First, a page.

On November 5, 2013, Level 3 Communications and its VoIP affiliate, Level 3 Enhanced Services (Level 3 ES), filed an ex parte with the FCC that largely mirrored the concerns previously raised by Vonage regarding CenturyLink’s refusal to route traffic to telephone numbers assigned to the Level 3 ES OCN over existing Level 3 (the CLEC partner) interconnection trunks. (See November 6, 2013 post, VoIP Numbering Trial Off to a Slow Start). As a result, Level 3 has reported that it cannot initiate testing of call routing under the numbering trial in the Denver market. It also reports that this issue has created potential problems for other carriers who have requested telephone numbers in the A-block obtained by Level 3 ES in the Denver area, because it is unable to activate that block until it can successfully test routing for calls to telephone numbers in that block. Level 3 urged the FCC to “take action to clarify that carriers like CenturyLink may not refuse to route traffic under these circumstances.”
In a subsequent ex parte filed on November 12, Level 3 recommended that as part of its investigation into this interconnection issue, the FCC should “not only consider whether CenturyLink’s conduct is justified, but it should also seek information about the extent to which CenturyLink is enforcing its policies uniformly.” As an example, it noted that CenturyLink routes traffic to Level 3’s affiliate Broadwing over existing Level 3-CenturyLink interconnection trunks, but refuses to route traffic over comparable interconnection trunks to numbers assigned to the Level 3 ES OCN. Level 3 suggested that the FCC investigate CenturyLink’s treatment of traffic associated with SBCIS, a non-carrier similarly situated to the VoIP trial participants, that has been permitted for years to obtain telephone numbers under its own OCN. Does CenturyLink demand that AT&T also obtain dedicated trunks for traffic destined for numbers assigned to the SBCIS OCN?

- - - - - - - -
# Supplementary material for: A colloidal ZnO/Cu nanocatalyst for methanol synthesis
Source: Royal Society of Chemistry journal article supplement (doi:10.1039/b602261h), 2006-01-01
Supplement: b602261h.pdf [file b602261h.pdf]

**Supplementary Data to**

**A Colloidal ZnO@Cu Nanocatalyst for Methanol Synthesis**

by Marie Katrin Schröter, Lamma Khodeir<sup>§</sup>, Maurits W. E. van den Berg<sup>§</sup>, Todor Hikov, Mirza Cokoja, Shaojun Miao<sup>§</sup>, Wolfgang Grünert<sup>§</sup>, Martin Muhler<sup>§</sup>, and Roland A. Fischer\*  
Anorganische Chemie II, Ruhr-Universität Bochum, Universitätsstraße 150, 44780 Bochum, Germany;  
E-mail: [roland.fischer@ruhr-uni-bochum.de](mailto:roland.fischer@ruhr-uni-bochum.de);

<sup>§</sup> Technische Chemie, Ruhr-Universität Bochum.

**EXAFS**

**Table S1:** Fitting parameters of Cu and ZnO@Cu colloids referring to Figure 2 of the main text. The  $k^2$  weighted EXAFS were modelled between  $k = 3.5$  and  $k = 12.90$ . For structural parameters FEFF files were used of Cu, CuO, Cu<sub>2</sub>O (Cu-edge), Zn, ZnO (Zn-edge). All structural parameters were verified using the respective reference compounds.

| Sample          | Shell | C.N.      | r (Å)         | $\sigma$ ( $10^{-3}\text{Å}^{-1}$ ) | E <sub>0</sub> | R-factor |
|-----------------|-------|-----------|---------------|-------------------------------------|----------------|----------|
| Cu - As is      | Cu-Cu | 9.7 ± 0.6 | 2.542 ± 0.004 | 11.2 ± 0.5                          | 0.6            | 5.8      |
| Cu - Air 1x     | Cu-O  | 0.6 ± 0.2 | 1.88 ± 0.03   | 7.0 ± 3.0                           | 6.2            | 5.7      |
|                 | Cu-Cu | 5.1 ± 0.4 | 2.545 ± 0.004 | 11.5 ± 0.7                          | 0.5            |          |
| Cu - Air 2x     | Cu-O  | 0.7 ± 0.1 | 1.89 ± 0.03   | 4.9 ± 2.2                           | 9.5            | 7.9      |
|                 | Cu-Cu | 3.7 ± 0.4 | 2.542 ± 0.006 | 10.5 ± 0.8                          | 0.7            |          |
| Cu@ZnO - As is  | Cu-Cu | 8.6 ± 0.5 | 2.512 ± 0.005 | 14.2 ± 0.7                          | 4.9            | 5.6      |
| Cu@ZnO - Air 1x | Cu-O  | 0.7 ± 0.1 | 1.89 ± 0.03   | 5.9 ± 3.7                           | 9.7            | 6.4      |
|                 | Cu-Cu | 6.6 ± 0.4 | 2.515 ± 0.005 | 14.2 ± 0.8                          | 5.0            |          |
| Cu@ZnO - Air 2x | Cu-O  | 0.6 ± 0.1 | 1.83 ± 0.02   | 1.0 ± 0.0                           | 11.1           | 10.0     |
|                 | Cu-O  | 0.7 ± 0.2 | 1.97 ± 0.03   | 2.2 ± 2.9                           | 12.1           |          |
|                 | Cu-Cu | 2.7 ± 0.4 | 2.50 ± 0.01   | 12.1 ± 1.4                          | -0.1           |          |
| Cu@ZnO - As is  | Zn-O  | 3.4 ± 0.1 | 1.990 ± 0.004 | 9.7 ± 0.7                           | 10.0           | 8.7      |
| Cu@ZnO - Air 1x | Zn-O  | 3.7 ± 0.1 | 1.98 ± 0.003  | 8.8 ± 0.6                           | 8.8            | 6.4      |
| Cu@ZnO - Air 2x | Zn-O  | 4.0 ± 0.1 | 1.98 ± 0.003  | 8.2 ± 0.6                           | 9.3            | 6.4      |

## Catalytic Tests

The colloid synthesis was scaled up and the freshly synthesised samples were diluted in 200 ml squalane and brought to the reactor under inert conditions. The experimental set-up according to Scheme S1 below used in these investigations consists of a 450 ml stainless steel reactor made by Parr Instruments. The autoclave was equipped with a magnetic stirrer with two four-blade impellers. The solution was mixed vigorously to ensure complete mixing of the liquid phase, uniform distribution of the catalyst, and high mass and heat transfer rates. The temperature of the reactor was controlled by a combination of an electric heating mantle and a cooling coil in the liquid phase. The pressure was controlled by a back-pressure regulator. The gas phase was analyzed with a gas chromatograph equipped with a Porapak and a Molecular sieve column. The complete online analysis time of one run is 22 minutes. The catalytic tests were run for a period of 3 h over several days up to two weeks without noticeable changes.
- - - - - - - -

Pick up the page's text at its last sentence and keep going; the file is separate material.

Another interesting comment from Level 3’s November 5 ex parte is that it initially sought direct IP interconnection to support its VoIP trial traffic, but reported that “[i]n general, those efforts were unsuccessful.” This experience may give the FCC valuable input as to whether giving interconnected VoIP providers direct access to numbers on a permanent basis will help accelerate the negotiation of IP interconnection agreements.
See previous articles regarding the FCC’s VoIP Numbering Trial from Sharon Thomas: